Major Copyright Changes Affect Online Businesses

The Copyright Office has made a sweeping change that affects a large number of businesses with an online presence. Through its issued Final Rule, the Copyright Office has mandated that all businesses with current copyright agents must reapply.

The Copyright Office justifies its actions by stating its intent is to maintain a “current directory” of agents to receive notifications of claimed copyright infringement.  The Final Rule governs how agents are designated and maintained in the Copyright Office’s electronic system, and establishes new fees.

What is a Copyright Agent and How Are They Established?

In 1998, Congress enacted Section 512 as part of the Digital Millennium Copyright Act (“DCMA”). Section 512 provides safe harbors from copyright infringement liability to website providers who store materials for their users, conduct system caching, or provide location tools.  To benefit from the safe harbors, the website must designate a Copyright Agent to receive notifications of claimed copyright infringement, and provide this information both publicly on its website and to the Copyright Office. Failure to comply with these requirements and keep the agent designation contact information current can result in losing the Section 512 Safe Harbors.

Website Providers Required to Electronically Designate Agents

As of December 1, 2016, the Copyright Office will not accept paper designations of agents. Rather, a website provider who seeks to gain the benefits of the Section 512 Safe Harbors must electronically submit information for its designated agent(s) to the Copyright Office. Paper designations filed prior to December 1, 2016, will continue satisfying the safe harbor requirements until the website provider electronically registers its designated agent(s) or until December 1, 2017, whichever occurs first. Thereafter, website providers must amend or resubmit information regarding their designated agent(s) every three years.  Failure to amend or resubmit the information will result in losing the safe harbor, which potentially subjects companies to significant liability.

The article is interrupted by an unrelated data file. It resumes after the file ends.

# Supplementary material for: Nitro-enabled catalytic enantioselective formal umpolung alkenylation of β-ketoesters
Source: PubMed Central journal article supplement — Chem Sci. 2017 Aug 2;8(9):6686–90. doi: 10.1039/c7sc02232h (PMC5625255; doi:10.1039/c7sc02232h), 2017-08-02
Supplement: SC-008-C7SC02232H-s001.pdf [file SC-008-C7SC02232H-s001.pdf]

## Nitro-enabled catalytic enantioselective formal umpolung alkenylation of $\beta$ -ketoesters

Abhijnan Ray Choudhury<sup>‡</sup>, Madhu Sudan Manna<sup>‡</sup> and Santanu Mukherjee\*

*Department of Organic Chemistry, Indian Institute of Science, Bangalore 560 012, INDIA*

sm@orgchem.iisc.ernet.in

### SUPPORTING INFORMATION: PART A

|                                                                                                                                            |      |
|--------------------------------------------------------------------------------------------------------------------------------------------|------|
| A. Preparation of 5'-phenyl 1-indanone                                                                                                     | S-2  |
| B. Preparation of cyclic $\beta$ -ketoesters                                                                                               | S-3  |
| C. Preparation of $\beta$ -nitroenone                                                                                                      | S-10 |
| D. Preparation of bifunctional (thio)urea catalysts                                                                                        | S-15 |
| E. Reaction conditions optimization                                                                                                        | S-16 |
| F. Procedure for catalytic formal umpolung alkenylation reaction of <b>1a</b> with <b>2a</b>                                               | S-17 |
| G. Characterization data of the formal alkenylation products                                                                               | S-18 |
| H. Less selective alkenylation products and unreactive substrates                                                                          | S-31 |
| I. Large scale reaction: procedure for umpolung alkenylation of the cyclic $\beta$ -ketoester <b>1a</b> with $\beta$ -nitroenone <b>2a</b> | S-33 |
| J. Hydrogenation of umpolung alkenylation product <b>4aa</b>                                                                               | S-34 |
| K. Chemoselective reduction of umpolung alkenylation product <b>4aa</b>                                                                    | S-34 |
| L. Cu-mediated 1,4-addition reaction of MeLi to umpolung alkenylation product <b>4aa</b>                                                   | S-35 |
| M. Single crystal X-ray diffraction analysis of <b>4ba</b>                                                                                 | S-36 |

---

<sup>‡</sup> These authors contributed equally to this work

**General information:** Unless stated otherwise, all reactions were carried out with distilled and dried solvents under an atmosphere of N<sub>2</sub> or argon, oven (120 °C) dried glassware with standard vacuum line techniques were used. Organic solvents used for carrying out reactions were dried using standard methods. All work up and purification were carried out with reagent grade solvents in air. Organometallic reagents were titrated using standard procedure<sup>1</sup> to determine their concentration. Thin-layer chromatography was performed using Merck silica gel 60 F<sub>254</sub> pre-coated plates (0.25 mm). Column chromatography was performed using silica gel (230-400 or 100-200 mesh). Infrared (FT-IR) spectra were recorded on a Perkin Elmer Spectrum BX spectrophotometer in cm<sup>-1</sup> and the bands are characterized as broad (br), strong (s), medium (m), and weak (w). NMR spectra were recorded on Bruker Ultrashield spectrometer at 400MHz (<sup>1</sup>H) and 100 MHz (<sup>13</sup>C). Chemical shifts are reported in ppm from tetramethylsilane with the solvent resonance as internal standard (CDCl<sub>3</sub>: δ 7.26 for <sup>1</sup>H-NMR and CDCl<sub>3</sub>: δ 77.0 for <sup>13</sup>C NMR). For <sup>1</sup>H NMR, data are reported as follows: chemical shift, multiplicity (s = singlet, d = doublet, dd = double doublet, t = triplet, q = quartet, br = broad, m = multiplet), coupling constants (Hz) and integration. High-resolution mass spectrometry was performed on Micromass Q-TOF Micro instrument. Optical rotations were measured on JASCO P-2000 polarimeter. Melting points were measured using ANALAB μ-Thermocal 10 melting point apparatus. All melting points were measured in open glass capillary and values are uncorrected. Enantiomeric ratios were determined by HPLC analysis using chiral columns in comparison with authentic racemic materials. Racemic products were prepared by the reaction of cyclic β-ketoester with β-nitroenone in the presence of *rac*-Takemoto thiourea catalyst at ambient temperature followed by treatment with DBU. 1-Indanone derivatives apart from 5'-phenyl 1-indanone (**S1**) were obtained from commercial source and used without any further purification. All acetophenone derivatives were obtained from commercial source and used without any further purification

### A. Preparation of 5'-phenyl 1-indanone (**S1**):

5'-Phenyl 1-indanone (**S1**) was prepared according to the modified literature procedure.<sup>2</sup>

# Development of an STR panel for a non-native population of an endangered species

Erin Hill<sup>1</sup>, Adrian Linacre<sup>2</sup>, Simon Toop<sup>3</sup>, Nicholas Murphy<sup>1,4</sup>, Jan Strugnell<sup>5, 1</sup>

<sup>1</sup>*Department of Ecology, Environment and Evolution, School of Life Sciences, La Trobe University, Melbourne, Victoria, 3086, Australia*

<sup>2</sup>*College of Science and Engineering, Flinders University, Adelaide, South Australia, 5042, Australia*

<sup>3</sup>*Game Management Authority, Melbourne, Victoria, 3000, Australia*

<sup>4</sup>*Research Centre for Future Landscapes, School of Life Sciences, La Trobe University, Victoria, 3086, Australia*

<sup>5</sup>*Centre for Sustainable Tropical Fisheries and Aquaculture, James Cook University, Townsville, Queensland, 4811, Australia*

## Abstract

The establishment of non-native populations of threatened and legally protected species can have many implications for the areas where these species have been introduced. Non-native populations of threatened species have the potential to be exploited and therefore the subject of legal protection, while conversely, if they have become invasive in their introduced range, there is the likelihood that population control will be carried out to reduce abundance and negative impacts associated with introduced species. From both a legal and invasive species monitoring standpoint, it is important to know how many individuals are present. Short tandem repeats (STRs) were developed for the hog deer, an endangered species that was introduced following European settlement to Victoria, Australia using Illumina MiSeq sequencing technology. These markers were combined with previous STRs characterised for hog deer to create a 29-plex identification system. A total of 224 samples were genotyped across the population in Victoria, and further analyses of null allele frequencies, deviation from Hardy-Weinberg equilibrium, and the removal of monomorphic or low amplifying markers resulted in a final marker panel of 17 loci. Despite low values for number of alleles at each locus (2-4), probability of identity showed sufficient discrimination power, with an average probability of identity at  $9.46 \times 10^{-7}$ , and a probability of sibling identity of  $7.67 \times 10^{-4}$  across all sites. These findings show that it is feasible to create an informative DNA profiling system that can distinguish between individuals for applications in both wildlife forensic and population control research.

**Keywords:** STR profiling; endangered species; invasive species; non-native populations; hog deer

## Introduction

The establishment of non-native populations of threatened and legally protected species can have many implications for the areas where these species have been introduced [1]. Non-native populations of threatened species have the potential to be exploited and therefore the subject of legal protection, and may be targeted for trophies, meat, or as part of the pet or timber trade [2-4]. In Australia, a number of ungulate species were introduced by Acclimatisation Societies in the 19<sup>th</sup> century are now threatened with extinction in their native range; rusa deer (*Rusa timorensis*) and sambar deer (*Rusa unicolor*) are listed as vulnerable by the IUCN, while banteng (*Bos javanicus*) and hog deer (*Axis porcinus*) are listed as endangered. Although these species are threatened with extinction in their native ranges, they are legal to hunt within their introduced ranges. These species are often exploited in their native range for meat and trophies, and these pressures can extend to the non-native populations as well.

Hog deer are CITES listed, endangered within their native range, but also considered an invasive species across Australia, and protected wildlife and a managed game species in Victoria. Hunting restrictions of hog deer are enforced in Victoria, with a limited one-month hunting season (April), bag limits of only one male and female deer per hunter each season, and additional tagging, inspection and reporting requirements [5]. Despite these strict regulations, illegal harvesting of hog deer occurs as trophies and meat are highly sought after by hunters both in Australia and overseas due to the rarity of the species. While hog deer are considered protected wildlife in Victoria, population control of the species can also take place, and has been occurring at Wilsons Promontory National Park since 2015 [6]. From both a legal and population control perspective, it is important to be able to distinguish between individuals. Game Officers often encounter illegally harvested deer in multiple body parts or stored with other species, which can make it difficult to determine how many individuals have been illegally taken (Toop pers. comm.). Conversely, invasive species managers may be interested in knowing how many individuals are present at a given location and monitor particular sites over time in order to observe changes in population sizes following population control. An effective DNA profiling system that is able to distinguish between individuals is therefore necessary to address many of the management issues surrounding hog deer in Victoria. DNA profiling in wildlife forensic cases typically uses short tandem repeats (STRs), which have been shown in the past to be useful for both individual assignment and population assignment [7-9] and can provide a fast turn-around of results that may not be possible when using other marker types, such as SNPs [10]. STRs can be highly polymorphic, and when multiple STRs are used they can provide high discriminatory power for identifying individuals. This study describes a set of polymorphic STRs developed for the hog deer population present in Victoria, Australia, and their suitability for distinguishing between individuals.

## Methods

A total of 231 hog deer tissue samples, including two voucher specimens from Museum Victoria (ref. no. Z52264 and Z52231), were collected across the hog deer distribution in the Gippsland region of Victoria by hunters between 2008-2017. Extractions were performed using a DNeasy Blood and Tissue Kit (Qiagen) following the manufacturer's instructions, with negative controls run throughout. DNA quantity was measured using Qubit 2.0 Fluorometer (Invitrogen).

How to Gain or Retain the Safe Harbor

After December 1, 2016 and before December 1, 2017, website providers must create a registration account on the Copyright Office’s website and register their designated agent(s). Website providers must also update the contact information on their websites for their designated agent(s).  The Copyright Office will charge $6 per designation.  Website providers will need to pay this fee whether registering a new designation, or resubmitting or amending a previously registered designation.

Bottom Line

Although the final rule imposes new burdens on website providers, the Copyright Office has provided website providers currently benefiting from the safe harbor provision a year to resubmit or amend their information electronically. However, website providers must ensure that information for their designated agents is current both on their websites and in their registration with the Copyright Office now to avoid losing the safe harbors.

Jon Farnsworth is a shareholder at Felhaber Larson in Minneapolis, Minnesota.  He advises clients on complex technology and legal issues, including copyright and website intellectual property matters. Jon gratefully acknowledges Serena O’Neil, law clerk at Felhaber Larson, for her contributions to this post.